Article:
The titles and links below will direct you to print copies when available. Click on the title to see all available formats, including recorded versions and eBooks.
You can learn more about using eBooks and eAudiobooks on our blog, and contact us if you need assistance. *Restrictions to using Hoopla apply based on your home address.
Loss of Memory Is Only Temporary
In the novella "Other People’s Lives," Louise moves in with the Tobeys, a chaotic family, and observes spectacular dysfunction close up. The mother, Maria, who defected from Russia when she was a dancer, is totally self-absorbed and talks a blue streak with charming, mangled syntax. A crazy trip from NYC to the “country” ends up with a visit to an equally deranged friend who trades in antiques, kind of. Other stories get deep into Judaism and psychiatry. Sparkling intelligence in the writing, and hefty doses of irony.
This essayist, known for his humor, is also big on irony, as the title suggests. What’s to be happy about, as he faces COVID, Black Lives Matter, and death—the current trifecta of woes?
Well, Sedaris tells us what it’s like for him, no holds barred; the selfish stuff that lives in our heads, but we wouldn’t dream of sharing with the public. Therefore, my reading experience was a mixed bag of recognition, snark, shock, and sadness as he bares family dysfunction under Klieg lights, as it were. And I even got some laughs. Much about his father’s decline and final demise at 98. So much is grotesque in this world, and Sedaris limns it very well. Charming, sometimes infuriating, and since I am always drawn to shadows, very welcome.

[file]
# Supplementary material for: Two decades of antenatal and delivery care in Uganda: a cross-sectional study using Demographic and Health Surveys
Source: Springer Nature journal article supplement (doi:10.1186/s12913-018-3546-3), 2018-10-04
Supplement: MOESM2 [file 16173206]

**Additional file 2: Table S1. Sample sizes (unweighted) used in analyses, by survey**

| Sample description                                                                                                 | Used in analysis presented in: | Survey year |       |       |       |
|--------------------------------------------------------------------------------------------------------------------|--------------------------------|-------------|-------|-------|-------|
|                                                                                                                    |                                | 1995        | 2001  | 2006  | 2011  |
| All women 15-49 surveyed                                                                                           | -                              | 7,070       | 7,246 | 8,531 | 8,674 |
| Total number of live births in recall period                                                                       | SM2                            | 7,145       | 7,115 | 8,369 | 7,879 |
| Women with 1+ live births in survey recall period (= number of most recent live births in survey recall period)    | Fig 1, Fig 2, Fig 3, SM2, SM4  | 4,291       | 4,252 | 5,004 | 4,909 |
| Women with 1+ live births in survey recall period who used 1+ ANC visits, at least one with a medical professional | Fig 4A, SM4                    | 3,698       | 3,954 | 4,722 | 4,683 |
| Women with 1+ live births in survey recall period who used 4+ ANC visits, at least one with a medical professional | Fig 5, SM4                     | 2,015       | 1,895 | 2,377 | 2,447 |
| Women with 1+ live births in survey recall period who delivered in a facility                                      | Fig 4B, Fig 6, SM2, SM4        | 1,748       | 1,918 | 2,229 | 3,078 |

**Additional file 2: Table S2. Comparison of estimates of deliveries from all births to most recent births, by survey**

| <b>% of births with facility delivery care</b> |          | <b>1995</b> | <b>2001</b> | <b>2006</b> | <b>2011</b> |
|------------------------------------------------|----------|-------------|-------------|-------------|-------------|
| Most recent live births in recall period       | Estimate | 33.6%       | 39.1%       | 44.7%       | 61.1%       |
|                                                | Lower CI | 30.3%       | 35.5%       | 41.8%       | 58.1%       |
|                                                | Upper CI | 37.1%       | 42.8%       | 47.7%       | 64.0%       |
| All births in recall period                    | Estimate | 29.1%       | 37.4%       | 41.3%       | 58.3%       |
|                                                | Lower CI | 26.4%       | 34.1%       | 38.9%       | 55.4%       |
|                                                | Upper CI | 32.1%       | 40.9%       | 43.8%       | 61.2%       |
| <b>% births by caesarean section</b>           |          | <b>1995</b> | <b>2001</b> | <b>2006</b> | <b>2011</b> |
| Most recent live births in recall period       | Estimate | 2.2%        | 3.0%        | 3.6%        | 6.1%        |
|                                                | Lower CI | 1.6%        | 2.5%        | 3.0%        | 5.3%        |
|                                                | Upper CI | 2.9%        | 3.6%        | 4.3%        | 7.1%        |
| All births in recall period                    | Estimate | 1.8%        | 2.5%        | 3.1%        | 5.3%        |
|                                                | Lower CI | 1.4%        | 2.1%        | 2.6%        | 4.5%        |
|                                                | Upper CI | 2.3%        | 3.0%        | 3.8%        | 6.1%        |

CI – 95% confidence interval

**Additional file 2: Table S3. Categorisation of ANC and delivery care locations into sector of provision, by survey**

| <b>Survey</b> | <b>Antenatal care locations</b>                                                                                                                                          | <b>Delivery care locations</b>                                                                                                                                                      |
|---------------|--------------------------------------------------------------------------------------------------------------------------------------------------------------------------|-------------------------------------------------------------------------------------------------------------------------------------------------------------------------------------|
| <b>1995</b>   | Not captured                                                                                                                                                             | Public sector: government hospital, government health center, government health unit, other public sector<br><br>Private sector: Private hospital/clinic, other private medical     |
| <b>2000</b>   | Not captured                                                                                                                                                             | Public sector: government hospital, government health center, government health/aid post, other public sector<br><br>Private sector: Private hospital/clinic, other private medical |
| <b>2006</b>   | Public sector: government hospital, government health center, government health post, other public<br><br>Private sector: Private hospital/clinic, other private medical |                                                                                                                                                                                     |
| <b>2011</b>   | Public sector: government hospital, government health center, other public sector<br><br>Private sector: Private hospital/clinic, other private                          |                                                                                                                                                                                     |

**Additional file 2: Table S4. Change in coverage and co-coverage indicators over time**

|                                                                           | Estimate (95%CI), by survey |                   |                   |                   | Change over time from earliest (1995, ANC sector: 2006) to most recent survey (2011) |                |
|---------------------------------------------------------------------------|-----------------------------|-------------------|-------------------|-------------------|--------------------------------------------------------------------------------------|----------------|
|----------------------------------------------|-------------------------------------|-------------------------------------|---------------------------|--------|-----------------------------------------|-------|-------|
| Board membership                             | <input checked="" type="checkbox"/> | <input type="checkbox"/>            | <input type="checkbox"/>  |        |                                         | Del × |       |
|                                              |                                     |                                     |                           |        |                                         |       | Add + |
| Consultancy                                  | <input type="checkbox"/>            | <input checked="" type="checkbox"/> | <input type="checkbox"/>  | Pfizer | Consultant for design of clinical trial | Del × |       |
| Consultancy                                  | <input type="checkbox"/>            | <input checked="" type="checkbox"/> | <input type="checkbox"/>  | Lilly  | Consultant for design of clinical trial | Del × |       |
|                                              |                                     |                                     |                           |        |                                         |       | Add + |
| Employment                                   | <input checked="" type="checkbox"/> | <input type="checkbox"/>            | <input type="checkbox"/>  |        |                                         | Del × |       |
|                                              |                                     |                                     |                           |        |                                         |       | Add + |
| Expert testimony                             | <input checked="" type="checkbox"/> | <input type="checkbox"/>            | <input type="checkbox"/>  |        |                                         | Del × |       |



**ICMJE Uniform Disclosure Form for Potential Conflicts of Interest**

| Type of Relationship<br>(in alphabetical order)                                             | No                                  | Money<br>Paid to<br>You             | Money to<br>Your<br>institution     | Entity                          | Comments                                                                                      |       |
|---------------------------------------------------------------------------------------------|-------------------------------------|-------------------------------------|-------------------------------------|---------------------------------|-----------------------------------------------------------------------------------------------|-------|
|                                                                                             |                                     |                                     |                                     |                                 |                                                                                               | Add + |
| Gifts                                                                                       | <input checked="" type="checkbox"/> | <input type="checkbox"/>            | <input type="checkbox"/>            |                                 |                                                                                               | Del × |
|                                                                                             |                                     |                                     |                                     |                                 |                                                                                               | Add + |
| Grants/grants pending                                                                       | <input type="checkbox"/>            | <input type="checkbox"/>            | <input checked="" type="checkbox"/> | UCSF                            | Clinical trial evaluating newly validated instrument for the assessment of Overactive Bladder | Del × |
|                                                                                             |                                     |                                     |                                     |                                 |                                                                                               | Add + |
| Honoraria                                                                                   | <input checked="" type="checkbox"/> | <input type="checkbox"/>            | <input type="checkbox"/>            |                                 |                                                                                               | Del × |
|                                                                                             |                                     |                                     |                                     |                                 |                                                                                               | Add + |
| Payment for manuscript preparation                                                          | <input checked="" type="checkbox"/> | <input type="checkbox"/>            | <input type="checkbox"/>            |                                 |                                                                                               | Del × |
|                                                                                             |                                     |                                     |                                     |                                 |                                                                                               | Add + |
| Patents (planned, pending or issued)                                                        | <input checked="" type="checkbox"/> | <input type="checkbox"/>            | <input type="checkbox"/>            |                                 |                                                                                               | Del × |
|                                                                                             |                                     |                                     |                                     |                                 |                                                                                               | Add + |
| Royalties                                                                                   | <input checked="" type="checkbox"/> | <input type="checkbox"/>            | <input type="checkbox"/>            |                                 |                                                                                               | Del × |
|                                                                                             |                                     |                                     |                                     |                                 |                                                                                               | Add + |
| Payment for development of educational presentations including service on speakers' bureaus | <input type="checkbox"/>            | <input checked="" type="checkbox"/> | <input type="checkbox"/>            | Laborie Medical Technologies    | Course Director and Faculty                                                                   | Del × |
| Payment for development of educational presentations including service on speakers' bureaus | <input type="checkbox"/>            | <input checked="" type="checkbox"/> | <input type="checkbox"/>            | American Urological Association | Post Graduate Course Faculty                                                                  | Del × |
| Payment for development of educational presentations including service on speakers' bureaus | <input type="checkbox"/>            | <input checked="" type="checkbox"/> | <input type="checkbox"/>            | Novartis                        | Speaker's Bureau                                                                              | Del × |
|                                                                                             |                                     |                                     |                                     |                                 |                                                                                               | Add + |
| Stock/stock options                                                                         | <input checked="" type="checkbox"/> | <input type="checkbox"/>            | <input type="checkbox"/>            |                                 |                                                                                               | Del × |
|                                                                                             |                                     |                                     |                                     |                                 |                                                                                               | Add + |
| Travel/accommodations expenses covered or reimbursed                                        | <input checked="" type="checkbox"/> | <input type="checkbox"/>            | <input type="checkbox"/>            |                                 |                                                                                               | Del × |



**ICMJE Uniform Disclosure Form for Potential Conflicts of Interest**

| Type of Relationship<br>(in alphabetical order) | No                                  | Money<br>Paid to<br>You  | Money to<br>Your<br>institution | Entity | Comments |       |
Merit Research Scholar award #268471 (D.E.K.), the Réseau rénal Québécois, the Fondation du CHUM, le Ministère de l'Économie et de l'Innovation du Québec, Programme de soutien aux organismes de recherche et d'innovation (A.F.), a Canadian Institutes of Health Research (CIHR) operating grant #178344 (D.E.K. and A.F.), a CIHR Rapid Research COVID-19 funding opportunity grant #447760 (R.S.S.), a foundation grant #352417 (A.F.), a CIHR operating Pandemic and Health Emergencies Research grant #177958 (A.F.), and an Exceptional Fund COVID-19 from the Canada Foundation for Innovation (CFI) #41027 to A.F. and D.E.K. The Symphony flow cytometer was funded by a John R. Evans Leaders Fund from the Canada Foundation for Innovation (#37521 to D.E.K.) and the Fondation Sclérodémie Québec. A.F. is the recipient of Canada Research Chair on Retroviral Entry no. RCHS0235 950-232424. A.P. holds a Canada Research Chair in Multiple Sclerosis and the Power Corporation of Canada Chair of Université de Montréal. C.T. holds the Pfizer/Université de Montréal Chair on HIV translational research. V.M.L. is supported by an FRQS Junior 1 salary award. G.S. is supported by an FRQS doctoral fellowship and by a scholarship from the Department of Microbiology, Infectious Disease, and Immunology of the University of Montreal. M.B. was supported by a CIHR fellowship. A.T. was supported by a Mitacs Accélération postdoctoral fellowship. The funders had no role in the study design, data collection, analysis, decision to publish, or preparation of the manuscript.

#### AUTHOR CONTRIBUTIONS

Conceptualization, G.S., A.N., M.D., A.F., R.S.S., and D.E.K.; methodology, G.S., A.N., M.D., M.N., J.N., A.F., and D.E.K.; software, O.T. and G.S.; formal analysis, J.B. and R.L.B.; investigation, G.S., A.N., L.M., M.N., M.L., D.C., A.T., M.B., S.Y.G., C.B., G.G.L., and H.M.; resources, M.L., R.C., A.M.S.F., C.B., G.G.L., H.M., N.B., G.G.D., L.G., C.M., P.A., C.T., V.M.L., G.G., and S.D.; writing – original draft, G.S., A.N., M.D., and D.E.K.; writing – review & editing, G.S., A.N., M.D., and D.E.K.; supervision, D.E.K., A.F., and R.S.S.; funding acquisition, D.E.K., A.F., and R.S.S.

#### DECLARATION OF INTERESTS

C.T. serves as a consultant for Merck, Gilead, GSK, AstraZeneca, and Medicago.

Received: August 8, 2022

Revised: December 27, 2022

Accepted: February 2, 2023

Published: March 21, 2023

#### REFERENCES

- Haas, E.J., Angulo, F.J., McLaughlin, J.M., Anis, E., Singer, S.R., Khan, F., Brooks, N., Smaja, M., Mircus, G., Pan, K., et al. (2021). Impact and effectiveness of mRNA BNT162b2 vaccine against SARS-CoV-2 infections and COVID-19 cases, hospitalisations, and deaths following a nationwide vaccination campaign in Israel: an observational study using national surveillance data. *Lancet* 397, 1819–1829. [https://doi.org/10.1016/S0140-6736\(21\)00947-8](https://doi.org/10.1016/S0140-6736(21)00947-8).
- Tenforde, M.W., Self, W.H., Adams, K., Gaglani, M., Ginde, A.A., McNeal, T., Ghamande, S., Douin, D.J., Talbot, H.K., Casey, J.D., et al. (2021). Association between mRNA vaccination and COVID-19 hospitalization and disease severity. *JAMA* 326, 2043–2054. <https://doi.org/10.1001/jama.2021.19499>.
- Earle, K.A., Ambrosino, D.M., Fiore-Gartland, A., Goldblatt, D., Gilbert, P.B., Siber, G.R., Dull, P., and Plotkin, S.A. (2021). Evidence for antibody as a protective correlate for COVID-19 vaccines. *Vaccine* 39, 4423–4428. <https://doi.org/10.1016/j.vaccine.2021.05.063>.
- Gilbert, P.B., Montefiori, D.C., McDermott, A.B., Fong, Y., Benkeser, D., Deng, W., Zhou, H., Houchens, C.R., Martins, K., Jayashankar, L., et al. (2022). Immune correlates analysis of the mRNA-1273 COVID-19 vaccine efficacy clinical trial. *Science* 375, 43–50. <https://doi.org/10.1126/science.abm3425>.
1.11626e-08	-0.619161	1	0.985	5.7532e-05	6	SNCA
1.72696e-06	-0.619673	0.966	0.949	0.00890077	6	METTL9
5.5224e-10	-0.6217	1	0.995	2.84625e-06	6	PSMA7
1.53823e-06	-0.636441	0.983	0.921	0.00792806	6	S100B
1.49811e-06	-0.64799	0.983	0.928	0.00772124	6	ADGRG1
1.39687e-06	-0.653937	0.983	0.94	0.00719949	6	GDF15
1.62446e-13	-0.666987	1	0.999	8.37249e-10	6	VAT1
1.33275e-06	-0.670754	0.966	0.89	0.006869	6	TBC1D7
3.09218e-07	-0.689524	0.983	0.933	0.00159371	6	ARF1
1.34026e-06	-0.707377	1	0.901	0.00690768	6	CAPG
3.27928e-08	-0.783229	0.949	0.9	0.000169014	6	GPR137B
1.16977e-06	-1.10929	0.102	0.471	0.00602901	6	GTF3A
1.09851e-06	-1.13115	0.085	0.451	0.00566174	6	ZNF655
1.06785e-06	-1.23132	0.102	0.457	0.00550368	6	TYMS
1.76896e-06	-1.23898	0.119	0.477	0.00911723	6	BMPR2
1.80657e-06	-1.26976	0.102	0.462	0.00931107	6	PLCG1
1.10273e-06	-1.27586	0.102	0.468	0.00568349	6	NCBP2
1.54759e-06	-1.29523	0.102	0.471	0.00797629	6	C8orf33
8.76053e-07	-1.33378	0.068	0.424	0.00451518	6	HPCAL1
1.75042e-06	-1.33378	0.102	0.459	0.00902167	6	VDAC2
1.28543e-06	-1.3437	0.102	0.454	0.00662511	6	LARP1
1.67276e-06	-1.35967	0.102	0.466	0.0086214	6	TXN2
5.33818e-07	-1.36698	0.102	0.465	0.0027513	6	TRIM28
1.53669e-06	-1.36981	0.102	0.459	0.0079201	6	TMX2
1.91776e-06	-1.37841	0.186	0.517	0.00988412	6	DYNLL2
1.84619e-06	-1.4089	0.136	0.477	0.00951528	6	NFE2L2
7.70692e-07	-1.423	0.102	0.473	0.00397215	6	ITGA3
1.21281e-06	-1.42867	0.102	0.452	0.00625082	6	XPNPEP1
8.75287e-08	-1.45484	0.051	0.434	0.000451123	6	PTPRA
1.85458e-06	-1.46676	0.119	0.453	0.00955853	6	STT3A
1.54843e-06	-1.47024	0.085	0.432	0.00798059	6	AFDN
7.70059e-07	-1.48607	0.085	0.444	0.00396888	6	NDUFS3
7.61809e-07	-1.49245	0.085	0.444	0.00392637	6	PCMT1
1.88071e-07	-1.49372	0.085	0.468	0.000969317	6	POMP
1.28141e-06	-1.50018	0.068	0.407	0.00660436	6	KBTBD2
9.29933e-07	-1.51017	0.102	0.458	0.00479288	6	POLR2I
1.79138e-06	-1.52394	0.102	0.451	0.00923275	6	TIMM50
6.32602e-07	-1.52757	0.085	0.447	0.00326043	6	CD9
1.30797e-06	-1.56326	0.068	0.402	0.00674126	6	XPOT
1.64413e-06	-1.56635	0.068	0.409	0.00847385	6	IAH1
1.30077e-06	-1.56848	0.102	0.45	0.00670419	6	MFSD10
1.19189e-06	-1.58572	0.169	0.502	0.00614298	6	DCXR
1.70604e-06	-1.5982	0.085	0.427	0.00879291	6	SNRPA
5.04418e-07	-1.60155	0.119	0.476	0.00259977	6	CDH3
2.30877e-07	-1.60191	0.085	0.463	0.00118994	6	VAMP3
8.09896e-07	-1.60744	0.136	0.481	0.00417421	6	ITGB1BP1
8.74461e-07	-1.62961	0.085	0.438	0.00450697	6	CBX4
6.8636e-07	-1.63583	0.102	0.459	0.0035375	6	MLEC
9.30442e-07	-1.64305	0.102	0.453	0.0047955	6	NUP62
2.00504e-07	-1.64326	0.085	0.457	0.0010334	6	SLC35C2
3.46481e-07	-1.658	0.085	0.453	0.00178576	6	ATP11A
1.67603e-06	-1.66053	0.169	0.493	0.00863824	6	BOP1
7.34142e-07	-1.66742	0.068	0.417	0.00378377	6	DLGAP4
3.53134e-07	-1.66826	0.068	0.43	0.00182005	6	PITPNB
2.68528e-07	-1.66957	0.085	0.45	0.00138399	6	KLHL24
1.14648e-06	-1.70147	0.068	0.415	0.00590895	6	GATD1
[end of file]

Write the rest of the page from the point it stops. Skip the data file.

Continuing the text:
The Marriage of Rose Camilleri
Rose, a young woman, immigrates from Malta to Canada on her own. Scott, from Cape Breton, falls for her in the coffee shop where she’s baking old country specialties. It’s not hot love between them, at least for her, but (old story) she gets pregnant and then they’re wed. Rose is realistic and practical. She makes the best of it with the familiar ups and downs of relationship, and it ends up solid and satisfying. I especially appreciated Rose’s down to earth approach to life and glimpses of her Maltese heritage.
The birds of the title have sinister implications. They show up at the new house and spook the residents, Marisa and Jake. A lodger, Kate, makes herself intrusively at home. Then there’s a jaw-dropping twist in the plot that flips preconceptions upside-down. A surrogate pregnancy and mental illness play in, and Jake’s doting, manipulating mother stirs things up even further. A creepy, compelling psychological thriller.